Nike Won’t Green It
By Tom Ryan
Nike Inc. is one of the most eco-conscious
companies in the world but you wouldn’t know it from its marketing efforts.
While the brand is about being fast, excelling and persevering as well
as being the coolest kid on the block, it’s not about being green.
“Nike has always been about winning,” Dean
Crutchfield, an independent branding consultant in New York, told BusinessWeek. “How
is sustainability relevant to its brand?”
Since its Reuse-A-Shoe footwear recycling
program was launched in 1993, sustainability has been a key focus and the
company is regularly praised by eco-groups for those efforts.
In October 2008, Nike again raised its eco-goals
in with the debut of the latest products under Nike Considered Design.
The program sets strict standards for using eco-conscious materials, reducing
waste in factories and cutting toxins. In Spring 2009, 15 percent of Nike
footwear met “Considered” standards.
Nike also set ambitious goals to have 100
percent of Nike footwear meet baseline Considered standards by 2011, all
apparel by 2015, and all equipment by 2020. Once these benchmarks are reached,
waste in Nike’s supply chain will have been reduced by 17 percent and environmentally
preferred materials increased by 20 percent.
But Nike remains mum to the public about its
environmental efforts and its reluctance to spread its green message comes
despite eco-efforts being regularly touted in advertising by the likes
of General Electric and Wal-Mart. Eco-messages also drive many campaigns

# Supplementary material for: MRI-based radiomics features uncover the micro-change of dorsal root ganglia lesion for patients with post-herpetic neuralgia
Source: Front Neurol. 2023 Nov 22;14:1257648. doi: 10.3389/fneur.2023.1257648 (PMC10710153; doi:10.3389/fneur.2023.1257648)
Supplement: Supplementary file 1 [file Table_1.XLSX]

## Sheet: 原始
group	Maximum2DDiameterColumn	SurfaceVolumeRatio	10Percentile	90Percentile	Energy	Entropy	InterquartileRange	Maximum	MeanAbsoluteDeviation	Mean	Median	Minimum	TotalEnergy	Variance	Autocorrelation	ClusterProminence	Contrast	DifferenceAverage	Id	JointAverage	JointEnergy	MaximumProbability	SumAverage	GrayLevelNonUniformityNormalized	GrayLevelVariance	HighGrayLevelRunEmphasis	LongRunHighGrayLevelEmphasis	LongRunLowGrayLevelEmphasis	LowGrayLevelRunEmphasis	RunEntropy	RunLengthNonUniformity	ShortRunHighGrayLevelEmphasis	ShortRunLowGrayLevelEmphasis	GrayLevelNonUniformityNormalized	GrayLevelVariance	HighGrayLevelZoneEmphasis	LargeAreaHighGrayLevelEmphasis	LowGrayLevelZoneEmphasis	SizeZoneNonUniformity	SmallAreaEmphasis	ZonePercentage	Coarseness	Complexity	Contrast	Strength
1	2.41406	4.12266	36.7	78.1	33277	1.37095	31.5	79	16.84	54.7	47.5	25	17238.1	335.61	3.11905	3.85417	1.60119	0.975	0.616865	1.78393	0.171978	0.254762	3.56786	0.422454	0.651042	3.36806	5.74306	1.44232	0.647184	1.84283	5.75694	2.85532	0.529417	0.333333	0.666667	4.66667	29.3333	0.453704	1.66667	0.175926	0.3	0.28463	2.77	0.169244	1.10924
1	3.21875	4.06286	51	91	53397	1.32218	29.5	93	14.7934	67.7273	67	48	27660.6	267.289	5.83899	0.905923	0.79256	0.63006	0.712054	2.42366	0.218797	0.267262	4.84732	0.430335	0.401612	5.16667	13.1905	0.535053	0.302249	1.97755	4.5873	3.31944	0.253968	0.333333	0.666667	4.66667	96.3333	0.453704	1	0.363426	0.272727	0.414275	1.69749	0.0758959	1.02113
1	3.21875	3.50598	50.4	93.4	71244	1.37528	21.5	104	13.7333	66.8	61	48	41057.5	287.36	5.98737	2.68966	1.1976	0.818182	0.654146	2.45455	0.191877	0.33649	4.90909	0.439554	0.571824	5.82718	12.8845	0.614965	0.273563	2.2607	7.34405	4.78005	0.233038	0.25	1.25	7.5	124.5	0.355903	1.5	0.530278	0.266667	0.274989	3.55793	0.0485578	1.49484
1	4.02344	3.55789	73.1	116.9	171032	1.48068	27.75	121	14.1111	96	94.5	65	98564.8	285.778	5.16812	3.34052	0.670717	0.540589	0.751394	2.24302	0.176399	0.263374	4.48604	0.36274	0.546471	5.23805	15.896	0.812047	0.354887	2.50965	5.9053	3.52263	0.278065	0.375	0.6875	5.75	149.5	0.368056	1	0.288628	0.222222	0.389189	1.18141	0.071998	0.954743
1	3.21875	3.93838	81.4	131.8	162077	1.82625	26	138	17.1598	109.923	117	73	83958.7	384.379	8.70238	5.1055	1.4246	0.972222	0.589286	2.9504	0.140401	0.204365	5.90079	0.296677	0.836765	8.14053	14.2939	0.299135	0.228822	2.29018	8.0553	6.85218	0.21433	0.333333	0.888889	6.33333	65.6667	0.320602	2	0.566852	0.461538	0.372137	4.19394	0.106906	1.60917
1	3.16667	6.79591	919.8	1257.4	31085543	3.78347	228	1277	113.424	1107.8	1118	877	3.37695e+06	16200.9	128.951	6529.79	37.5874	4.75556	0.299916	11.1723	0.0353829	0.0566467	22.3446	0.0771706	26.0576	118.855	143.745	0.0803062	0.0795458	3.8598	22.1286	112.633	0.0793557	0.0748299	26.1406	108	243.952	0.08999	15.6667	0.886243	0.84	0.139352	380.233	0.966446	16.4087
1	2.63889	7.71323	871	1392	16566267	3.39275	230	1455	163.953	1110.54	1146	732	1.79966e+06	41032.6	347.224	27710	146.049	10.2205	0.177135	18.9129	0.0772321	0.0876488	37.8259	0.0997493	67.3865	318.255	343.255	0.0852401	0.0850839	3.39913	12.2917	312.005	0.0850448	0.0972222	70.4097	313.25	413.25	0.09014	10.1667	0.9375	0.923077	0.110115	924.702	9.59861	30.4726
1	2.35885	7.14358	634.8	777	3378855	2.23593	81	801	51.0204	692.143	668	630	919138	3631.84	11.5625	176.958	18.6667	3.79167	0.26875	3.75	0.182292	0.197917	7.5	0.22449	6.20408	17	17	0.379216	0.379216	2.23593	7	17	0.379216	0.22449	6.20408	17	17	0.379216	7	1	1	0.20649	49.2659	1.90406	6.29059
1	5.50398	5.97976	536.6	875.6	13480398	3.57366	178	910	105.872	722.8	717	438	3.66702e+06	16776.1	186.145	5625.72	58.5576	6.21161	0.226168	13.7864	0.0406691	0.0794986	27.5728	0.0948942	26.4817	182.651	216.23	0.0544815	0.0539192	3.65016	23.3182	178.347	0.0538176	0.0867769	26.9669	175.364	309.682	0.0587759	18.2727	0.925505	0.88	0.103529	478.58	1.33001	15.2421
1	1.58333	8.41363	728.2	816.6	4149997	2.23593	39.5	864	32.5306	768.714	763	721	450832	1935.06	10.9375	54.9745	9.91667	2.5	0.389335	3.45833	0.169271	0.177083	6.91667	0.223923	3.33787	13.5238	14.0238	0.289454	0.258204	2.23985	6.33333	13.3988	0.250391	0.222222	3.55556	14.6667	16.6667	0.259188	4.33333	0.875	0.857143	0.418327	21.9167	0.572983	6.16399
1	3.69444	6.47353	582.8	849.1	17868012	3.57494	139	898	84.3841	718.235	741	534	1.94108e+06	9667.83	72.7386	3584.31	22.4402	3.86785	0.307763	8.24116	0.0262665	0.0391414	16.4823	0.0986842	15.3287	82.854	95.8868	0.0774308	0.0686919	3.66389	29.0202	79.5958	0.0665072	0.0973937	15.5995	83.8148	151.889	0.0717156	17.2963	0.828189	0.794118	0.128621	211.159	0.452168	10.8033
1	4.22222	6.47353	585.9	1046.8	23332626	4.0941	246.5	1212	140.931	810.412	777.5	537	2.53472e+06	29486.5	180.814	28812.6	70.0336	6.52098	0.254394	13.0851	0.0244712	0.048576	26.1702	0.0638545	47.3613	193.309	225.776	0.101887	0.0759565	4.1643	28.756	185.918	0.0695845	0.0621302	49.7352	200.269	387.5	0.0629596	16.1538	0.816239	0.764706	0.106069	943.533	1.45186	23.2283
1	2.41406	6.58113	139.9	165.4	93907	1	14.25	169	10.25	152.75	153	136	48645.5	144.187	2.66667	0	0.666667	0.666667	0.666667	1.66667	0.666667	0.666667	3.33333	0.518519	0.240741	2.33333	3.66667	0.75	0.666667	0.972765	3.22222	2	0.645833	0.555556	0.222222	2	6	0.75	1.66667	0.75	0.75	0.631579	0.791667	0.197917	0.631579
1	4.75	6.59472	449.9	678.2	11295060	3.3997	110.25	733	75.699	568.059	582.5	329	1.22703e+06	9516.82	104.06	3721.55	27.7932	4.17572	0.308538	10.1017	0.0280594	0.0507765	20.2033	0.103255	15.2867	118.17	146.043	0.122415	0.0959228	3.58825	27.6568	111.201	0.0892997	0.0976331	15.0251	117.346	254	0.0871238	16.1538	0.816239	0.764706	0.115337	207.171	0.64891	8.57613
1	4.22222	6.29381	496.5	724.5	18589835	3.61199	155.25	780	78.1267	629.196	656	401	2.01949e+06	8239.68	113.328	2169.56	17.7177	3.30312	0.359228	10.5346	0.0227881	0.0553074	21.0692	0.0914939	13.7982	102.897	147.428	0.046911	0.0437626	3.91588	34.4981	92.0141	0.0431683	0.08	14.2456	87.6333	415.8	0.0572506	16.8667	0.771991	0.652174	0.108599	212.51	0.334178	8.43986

for competitors, such as Patagonia, Timberland, and Columbia. Many of these
campaigns are designed to inspire consumers to be more eco-conscious and
to make a difference in the world.
Nike executives told BusinessWeek that
eco-conscious and “do-good, feel-good” marketing doesn’t fit the ethos
of the brand. They
said they learned this lesson themselves when the company launched a line
of eco-friendly walking boots, likewise called “Considered,” in 2005. Made
with brown hemp fibers and an earthy look, critics called the $110 shoes “Air
said the shoe design detracted from its high-tech image. The line was soon
removed from the market after poor sales.
Lorrie Vogel, who oversees Nike’s green business
practices, said the lesson for Nike was that its green efforts should continue,
but its customers shouldn’t be able to tell.
“We want to do more and say less,” said Ms.
Do you think green marketing would be detrimental to a brand like Nike?
Is Nike missing an opportunity by not promoting its green efforts?